Kinematics of Circular Motion




In this simulation, you will set up and study an example of uniform circular motion and plot graphs of position vs. time, velocity vs. time, and acceleration vs. time. I recommend that you use Graphical AnalysisTM to draw your graphs, although you can always graph them by hand if you choose.


Interactive PhysicsTM:

  1. Ask your instructor whether you will be analyzing position, velocity, or acceleration (or all three!) in this simulation.
  2. Open the Interactive PhysicsTM program.
  3. Go to the Workspace submenu of the View menu, and check "Rulers" and "X,Y axes"
  4. In the World menu:
    1. Set Gravity to "None"
    2. Set Accuracy to "Accurate"
  5. Create a new object, and place it at the point (1, 0).
  6. Create a bar to connect the center of this object to the point (0, 0).
  7. Open the Properties Window of the object. Be sure that x = 1.000 m and y = 0.000 m. Set vy = 1.00 m/s
  8. Create a timer (from the Measure menu).
  9. Create a meter to measure the position, velocity, or acceleration (did you forget to ask?) of your object. You want a digital readout. Select "All" from the submenu.
  10. Define vectors to display the velocity and acceleration (Define menu) of the object.
  11. Run the simulation. You should get circular motion, although it may be a little on the jerky side - that's ok. You have an object with a constant speed of 1.0 m/s moving in a circle of radius 1.0 meter - about how long should it take the object to go around once (it's period)? If that's ok, move on.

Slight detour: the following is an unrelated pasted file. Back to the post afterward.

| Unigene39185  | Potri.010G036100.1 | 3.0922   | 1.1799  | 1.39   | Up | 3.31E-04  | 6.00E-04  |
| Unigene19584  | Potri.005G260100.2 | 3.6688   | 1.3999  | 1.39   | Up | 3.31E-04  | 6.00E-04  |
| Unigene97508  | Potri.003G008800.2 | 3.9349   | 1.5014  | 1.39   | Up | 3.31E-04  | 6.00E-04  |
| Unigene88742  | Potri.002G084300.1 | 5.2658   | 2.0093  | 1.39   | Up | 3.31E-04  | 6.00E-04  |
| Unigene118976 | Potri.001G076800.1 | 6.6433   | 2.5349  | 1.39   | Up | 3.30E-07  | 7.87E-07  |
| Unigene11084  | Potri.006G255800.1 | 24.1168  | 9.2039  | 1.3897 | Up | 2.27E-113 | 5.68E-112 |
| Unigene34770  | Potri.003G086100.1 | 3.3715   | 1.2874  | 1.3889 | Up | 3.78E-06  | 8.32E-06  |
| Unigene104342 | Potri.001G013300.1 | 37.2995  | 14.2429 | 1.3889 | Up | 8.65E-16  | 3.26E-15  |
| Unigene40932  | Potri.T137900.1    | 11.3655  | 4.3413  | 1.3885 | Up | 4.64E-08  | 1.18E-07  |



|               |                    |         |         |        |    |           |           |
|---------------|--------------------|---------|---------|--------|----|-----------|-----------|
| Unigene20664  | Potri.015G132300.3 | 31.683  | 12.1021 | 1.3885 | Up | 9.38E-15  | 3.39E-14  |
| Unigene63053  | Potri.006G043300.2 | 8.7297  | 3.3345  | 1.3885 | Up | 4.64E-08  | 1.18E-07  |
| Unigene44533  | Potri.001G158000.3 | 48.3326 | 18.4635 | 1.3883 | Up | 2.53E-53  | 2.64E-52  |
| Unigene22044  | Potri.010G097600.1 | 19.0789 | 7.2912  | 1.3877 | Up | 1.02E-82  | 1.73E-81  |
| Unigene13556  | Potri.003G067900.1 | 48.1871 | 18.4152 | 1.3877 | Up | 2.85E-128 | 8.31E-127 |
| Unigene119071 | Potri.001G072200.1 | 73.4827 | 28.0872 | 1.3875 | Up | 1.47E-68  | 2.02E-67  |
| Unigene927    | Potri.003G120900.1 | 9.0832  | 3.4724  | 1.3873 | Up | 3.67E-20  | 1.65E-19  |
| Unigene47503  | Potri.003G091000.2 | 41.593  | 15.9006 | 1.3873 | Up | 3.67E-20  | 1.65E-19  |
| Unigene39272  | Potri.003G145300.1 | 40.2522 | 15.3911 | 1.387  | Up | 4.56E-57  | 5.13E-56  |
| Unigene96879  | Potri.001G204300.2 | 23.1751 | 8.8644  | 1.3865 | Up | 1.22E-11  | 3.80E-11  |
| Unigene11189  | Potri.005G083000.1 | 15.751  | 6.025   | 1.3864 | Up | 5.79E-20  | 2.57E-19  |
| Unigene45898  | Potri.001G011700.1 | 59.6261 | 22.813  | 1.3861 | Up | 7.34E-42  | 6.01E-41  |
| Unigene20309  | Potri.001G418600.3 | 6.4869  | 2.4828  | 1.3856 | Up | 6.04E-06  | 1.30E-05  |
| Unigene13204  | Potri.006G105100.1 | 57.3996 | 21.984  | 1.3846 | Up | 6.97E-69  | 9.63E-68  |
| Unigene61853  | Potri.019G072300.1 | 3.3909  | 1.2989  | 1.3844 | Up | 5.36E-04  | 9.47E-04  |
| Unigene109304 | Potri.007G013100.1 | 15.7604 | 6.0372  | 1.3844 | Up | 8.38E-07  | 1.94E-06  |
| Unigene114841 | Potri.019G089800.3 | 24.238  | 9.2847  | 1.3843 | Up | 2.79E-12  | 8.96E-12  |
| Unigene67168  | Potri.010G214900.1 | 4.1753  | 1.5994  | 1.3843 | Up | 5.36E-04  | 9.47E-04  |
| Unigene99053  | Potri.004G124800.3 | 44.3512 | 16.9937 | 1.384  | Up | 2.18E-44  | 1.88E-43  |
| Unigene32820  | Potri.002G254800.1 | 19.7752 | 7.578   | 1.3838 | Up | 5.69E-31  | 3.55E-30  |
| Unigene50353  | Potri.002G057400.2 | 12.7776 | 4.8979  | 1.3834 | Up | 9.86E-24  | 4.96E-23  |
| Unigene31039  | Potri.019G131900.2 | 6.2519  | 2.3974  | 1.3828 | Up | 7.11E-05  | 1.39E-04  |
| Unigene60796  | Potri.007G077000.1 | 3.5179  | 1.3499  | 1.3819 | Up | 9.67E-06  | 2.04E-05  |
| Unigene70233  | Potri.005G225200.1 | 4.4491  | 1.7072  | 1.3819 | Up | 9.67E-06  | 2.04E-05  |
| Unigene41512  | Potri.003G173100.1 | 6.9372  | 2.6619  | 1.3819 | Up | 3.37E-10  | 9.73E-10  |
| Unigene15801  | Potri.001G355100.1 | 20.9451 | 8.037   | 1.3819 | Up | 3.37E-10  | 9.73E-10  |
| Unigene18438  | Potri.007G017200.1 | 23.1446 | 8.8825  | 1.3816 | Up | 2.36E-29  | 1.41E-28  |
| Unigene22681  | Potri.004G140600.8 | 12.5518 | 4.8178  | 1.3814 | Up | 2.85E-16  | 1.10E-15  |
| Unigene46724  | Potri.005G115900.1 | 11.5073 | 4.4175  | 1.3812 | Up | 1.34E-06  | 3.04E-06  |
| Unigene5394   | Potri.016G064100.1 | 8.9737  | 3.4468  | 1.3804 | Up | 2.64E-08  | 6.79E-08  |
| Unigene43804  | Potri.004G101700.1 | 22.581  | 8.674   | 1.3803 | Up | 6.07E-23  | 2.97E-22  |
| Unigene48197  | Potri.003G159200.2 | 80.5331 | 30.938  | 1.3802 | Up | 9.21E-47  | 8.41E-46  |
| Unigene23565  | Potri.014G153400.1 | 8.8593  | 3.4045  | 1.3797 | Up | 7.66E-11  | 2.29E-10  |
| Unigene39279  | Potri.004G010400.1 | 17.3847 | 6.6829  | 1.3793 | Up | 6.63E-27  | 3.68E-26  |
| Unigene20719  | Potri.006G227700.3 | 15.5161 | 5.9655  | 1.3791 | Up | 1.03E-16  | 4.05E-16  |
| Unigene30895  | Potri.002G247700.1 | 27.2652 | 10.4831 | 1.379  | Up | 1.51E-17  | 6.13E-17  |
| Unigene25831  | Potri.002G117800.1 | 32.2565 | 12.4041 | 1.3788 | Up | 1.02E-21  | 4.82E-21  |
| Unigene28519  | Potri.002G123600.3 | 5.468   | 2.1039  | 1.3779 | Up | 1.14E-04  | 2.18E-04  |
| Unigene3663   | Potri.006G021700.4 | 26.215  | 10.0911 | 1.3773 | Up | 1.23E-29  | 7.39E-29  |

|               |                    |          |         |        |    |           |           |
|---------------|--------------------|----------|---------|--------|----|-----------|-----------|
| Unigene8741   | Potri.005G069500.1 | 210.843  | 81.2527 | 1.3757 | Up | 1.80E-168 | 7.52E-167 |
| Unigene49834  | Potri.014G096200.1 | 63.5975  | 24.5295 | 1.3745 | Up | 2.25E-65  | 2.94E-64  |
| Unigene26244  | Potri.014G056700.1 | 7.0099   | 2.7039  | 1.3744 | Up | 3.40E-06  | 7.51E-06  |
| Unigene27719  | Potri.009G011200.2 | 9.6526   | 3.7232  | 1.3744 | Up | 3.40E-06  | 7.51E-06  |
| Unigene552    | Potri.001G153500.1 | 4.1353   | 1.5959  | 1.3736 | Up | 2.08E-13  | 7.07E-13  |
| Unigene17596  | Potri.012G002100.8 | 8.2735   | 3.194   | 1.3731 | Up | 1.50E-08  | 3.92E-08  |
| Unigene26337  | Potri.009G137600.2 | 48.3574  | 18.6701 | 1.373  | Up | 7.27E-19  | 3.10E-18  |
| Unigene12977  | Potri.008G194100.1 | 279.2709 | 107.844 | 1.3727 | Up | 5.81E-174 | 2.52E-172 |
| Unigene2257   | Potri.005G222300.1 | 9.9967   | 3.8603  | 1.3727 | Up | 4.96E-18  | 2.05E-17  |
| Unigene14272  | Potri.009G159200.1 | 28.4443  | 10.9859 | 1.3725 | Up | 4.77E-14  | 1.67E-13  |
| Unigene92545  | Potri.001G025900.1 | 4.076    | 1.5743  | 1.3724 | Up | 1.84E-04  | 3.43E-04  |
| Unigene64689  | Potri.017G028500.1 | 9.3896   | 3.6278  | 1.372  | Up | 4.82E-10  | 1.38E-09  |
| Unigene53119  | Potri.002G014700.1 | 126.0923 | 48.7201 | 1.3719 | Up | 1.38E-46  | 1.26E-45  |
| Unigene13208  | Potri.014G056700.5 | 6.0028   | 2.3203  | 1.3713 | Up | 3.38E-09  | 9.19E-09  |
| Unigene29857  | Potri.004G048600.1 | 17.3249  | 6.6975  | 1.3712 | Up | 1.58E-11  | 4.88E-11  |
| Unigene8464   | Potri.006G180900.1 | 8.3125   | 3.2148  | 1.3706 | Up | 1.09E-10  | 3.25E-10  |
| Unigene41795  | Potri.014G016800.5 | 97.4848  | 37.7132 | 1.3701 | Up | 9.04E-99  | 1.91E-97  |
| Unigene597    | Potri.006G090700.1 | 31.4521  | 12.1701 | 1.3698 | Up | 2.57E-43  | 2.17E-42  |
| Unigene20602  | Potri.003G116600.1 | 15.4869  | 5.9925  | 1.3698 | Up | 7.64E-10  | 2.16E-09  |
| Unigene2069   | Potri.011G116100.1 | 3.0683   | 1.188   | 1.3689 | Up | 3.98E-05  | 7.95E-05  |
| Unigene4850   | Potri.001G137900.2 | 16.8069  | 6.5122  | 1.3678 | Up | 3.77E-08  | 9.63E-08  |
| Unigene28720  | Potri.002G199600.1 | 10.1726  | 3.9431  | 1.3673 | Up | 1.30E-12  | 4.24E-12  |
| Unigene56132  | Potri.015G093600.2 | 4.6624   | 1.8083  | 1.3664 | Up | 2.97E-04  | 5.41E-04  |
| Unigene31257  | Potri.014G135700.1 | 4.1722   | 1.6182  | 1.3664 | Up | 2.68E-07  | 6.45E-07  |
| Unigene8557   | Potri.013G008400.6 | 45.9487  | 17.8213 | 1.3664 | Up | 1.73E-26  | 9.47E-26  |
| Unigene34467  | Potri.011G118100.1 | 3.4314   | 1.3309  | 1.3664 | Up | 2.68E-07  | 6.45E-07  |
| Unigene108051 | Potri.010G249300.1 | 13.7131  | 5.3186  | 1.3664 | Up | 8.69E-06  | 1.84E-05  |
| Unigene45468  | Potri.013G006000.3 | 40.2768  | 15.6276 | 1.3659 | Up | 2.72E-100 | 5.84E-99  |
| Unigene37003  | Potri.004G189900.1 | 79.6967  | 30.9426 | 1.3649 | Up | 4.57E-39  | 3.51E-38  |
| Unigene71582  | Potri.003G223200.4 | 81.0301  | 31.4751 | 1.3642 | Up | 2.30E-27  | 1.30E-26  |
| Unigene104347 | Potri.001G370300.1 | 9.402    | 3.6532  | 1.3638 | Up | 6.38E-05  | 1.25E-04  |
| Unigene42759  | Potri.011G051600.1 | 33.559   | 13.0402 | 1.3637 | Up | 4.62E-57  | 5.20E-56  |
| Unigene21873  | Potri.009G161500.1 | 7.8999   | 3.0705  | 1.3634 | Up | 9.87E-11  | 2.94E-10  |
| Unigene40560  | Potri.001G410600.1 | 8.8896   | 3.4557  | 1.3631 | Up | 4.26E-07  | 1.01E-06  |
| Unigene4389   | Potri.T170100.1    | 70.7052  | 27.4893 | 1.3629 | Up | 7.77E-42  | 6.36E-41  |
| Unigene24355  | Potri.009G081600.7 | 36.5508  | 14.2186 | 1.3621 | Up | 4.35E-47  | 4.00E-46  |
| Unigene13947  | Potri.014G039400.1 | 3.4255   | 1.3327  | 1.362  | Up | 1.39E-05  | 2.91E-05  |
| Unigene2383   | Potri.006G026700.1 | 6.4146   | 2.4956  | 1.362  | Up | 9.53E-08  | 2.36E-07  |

A screen shot of the simulation
The Properties Window
screen shot
The Properties Window

Graphical AnalysisTM:

  1. Open the Graphical AnalysisTM program.
  2. Go to Preferences (in the File menu) and set angle measure to "Radians".
  3. Make a new column (in the Data menu) and label the three columns t (in sec), x (or vx or ax), and y (or vy or ay).
    A sample data table
    sample data table
  4. Open a new graph (Graph menu), and make one graph an x vs. t graph, the other graphs y vs. t.


  1. Reset the simulation and record t, x, and y (or t and whatever) in your data table (in Graphical Analysis, as if I need to say it...).
  2. Now, run the simulation for a short time. Use the movie controls and the timer to move the simulation to 0.2 seconds. Record t, x, and y in the data table.
  3. Continue, recording t, x, and y every 0.2 seconds until one "orbit" is completed.

Analysis & Conclusions:

  1. Use "Automatic Curve Fit" (in the Analyze menu) to get a best-fit curve and equation for your data. You should be able to figure out which model to use. (Note: Did you get some really strange coefficients in your best-fit equation? If so, did you forget to switch from degrees to radians?)
  2. Compare your results with the results of the other lab groups who have analyzed some other kinematical quantity.
  3. Write a short summary of your results. Be sure to note the directions of the velocity and acceleration vectors.

last update September 15, 2002 by JL Stanbrough